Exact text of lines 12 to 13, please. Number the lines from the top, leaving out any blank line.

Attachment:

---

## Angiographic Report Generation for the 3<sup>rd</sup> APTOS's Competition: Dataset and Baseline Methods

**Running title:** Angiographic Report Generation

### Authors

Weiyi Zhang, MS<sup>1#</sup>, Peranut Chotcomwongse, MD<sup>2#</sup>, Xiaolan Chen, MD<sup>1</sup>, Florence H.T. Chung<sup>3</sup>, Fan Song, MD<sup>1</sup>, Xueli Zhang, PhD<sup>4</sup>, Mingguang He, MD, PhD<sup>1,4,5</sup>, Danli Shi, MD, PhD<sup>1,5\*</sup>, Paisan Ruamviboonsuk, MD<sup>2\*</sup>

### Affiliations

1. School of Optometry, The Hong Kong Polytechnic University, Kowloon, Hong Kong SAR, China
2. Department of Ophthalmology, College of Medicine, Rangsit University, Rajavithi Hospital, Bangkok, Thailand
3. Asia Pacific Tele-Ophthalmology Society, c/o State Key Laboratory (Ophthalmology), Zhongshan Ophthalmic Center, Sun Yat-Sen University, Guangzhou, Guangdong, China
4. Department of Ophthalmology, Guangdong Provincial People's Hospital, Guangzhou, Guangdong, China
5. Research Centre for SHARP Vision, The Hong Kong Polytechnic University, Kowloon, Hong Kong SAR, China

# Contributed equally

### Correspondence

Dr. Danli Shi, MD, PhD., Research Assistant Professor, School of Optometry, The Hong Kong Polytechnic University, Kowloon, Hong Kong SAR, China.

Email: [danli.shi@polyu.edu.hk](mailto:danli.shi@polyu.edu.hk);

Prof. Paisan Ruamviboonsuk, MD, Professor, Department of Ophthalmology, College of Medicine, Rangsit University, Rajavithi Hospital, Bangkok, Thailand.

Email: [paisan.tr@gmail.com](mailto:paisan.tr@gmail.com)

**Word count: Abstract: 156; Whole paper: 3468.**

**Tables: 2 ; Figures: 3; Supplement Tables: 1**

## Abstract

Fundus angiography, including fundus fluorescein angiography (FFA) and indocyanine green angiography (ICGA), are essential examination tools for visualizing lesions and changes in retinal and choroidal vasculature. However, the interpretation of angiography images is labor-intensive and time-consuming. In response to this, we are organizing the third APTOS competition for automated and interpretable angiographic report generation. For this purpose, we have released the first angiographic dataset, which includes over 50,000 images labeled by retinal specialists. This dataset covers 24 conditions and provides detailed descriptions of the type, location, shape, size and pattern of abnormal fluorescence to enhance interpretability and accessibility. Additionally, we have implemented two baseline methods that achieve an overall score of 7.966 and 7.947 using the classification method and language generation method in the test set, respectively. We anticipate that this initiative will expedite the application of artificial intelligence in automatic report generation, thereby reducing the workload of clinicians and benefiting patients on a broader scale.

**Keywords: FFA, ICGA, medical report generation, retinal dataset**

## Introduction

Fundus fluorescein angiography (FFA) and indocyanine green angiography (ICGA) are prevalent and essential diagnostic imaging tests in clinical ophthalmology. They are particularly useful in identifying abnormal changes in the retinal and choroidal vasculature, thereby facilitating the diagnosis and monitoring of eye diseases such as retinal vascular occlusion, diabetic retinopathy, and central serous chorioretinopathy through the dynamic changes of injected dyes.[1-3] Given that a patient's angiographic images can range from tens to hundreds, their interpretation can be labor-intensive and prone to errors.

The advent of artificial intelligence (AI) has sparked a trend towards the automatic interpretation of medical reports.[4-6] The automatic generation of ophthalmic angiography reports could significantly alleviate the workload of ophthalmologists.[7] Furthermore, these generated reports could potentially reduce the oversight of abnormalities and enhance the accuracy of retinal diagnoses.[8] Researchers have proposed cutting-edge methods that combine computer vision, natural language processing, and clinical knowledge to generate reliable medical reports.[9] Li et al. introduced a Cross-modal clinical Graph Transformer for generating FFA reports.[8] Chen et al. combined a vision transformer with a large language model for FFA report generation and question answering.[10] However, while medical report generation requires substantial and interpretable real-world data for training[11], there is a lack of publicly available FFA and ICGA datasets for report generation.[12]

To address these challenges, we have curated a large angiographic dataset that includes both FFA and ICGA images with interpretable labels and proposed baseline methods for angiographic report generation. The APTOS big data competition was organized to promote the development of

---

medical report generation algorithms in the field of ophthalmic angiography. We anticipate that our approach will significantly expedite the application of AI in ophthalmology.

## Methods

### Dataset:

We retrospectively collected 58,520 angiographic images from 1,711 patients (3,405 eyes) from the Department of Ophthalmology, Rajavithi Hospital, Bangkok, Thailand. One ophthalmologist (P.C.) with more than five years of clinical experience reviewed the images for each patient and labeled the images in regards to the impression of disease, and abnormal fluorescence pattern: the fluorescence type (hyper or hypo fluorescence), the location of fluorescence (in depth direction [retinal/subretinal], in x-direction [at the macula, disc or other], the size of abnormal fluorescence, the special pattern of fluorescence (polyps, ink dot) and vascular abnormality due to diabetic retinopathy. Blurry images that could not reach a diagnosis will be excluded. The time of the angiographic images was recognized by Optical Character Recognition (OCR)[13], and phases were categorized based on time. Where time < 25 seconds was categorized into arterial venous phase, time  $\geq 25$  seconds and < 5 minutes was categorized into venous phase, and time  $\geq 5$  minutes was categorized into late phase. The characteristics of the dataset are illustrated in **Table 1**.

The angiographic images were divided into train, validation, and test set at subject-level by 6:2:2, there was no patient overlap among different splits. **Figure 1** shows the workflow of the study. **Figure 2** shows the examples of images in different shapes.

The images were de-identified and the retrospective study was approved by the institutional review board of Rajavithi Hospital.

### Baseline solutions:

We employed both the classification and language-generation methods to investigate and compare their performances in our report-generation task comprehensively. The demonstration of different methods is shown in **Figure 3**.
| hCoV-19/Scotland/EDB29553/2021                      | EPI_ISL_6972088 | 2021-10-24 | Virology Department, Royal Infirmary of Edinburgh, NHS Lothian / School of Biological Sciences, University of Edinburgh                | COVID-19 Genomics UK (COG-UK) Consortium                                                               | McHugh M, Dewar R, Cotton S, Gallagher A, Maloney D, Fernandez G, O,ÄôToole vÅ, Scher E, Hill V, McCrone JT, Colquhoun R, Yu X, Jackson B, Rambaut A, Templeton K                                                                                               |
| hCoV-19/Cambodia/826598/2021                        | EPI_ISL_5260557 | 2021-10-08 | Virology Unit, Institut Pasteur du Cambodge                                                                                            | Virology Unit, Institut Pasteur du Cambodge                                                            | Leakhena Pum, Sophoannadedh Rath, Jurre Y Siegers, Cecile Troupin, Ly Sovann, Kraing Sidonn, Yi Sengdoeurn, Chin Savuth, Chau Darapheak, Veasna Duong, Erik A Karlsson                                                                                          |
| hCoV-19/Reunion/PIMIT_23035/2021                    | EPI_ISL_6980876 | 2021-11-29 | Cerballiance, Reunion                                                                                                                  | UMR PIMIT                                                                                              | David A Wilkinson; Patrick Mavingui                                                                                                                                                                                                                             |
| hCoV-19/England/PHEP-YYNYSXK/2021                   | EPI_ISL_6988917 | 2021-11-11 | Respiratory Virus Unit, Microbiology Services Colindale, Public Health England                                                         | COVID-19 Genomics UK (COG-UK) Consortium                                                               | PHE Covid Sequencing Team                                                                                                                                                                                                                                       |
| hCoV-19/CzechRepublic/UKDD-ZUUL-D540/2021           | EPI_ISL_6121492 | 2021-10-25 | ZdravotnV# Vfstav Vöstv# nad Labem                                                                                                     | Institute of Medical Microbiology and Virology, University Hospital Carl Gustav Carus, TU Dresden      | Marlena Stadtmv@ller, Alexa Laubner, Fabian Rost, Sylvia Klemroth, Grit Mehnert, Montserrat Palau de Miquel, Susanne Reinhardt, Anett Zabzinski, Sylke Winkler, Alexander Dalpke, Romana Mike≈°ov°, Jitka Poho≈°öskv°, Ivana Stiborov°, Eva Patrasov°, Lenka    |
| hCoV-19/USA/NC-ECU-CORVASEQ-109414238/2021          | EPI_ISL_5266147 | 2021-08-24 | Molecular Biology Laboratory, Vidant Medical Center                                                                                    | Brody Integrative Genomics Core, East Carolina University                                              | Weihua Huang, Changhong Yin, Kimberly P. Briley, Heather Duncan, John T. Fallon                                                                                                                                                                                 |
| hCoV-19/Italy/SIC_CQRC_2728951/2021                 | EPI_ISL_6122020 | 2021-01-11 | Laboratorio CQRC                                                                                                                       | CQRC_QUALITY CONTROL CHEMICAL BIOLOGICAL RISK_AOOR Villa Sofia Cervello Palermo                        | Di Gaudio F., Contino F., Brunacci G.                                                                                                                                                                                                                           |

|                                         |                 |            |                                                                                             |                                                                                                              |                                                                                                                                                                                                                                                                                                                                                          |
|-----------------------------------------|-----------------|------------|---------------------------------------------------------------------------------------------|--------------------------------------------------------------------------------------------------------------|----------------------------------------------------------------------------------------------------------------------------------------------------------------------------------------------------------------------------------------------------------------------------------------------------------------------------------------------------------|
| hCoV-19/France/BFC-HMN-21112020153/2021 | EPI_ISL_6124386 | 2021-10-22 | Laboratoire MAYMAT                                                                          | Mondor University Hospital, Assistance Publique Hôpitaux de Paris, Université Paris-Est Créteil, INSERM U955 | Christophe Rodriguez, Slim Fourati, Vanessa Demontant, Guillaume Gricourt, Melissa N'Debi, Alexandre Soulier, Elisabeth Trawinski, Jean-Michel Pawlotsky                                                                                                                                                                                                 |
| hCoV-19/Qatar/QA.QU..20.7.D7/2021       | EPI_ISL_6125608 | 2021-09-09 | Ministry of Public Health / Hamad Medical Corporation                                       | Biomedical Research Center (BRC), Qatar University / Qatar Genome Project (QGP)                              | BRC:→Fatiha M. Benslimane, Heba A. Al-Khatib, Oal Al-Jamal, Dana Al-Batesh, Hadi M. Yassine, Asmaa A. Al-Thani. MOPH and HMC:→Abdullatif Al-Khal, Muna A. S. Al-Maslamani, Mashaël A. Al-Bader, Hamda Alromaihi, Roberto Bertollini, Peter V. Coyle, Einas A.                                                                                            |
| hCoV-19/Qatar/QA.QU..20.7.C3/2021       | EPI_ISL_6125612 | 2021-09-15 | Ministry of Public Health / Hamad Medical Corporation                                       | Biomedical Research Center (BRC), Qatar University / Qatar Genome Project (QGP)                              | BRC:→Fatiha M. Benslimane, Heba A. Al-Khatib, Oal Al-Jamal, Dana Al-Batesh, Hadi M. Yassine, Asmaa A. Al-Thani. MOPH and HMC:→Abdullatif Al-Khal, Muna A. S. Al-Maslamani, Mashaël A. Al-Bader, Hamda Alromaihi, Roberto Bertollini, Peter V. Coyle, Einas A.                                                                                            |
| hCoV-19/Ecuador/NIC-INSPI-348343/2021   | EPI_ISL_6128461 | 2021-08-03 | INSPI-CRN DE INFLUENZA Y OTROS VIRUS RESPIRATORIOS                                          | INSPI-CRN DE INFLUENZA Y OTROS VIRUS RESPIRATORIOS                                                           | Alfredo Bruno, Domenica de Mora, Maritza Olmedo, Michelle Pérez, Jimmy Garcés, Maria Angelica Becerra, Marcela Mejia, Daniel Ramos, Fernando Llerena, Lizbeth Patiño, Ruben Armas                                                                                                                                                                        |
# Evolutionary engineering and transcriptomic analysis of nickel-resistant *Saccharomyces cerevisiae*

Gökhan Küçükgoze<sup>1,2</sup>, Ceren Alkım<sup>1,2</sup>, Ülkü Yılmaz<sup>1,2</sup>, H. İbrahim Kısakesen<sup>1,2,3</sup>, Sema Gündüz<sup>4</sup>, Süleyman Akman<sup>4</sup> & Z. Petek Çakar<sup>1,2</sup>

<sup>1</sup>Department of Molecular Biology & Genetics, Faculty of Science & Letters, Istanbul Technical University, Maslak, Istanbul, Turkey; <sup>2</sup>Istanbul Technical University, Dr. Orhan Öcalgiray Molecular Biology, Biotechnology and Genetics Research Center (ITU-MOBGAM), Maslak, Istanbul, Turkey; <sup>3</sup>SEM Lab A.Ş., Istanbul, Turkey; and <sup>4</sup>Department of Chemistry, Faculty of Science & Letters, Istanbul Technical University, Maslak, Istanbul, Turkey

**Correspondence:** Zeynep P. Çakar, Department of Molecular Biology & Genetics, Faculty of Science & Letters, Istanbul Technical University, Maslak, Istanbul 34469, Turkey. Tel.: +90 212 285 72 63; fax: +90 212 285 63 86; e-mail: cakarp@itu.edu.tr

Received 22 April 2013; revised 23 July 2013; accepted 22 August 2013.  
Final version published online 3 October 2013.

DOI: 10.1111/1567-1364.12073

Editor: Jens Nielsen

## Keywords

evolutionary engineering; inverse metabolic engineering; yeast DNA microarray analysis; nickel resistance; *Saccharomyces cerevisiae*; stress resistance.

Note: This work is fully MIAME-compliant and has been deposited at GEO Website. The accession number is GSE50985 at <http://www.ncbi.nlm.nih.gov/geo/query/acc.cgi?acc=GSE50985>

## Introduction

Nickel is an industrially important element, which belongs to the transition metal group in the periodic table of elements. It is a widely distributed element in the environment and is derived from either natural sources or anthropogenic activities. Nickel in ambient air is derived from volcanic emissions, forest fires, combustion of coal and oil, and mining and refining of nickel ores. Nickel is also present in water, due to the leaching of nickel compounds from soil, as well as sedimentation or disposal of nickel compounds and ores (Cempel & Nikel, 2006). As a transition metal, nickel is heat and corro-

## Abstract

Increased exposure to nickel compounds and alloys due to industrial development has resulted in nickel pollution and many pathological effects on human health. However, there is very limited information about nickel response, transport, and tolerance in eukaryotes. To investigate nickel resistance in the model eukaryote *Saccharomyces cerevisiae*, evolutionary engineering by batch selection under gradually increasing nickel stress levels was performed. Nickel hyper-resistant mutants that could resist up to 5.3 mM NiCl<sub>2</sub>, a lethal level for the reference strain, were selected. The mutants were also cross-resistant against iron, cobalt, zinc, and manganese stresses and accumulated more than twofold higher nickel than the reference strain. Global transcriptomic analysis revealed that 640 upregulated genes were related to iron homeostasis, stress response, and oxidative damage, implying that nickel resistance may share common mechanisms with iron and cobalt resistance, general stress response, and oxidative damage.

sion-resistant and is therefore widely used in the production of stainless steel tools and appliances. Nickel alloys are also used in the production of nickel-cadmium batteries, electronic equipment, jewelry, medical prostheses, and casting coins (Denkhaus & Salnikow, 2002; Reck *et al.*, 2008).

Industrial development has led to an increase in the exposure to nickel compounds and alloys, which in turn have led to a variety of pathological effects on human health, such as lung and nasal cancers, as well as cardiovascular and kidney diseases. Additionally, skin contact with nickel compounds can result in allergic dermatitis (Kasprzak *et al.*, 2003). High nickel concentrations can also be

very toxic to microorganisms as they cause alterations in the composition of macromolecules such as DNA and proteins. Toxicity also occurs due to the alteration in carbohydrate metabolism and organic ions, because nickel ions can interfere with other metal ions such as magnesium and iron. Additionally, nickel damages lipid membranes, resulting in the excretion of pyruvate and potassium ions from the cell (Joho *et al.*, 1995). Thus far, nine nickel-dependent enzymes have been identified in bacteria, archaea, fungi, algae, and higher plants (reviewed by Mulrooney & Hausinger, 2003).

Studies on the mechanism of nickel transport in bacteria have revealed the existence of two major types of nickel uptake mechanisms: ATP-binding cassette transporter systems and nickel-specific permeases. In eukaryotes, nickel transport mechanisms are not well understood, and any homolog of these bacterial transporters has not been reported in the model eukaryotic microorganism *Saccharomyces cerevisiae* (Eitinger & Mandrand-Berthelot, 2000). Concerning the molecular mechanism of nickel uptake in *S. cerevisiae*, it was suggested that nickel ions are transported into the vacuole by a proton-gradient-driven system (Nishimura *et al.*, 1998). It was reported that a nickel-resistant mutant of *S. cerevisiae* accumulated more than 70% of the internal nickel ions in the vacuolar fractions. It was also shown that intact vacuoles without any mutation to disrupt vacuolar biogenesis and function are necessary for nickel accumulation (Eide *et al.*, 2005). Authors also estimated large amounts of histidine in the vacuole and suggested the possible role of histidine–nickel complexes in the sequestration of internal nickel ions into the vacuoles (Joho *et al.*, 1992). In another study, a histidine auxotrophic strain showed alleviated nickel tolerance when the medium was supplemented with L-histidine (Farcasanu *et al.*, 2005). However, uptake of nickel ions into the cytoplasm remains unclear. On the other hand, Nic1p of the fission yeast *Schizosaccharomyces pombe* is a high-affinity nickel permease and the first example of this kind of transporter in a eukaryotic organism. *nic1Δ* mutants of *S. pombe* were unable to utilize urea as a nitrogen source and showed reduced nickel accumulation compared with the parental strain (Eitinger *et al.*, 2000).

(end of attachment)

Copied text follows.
# Contributed equally

### Correspondence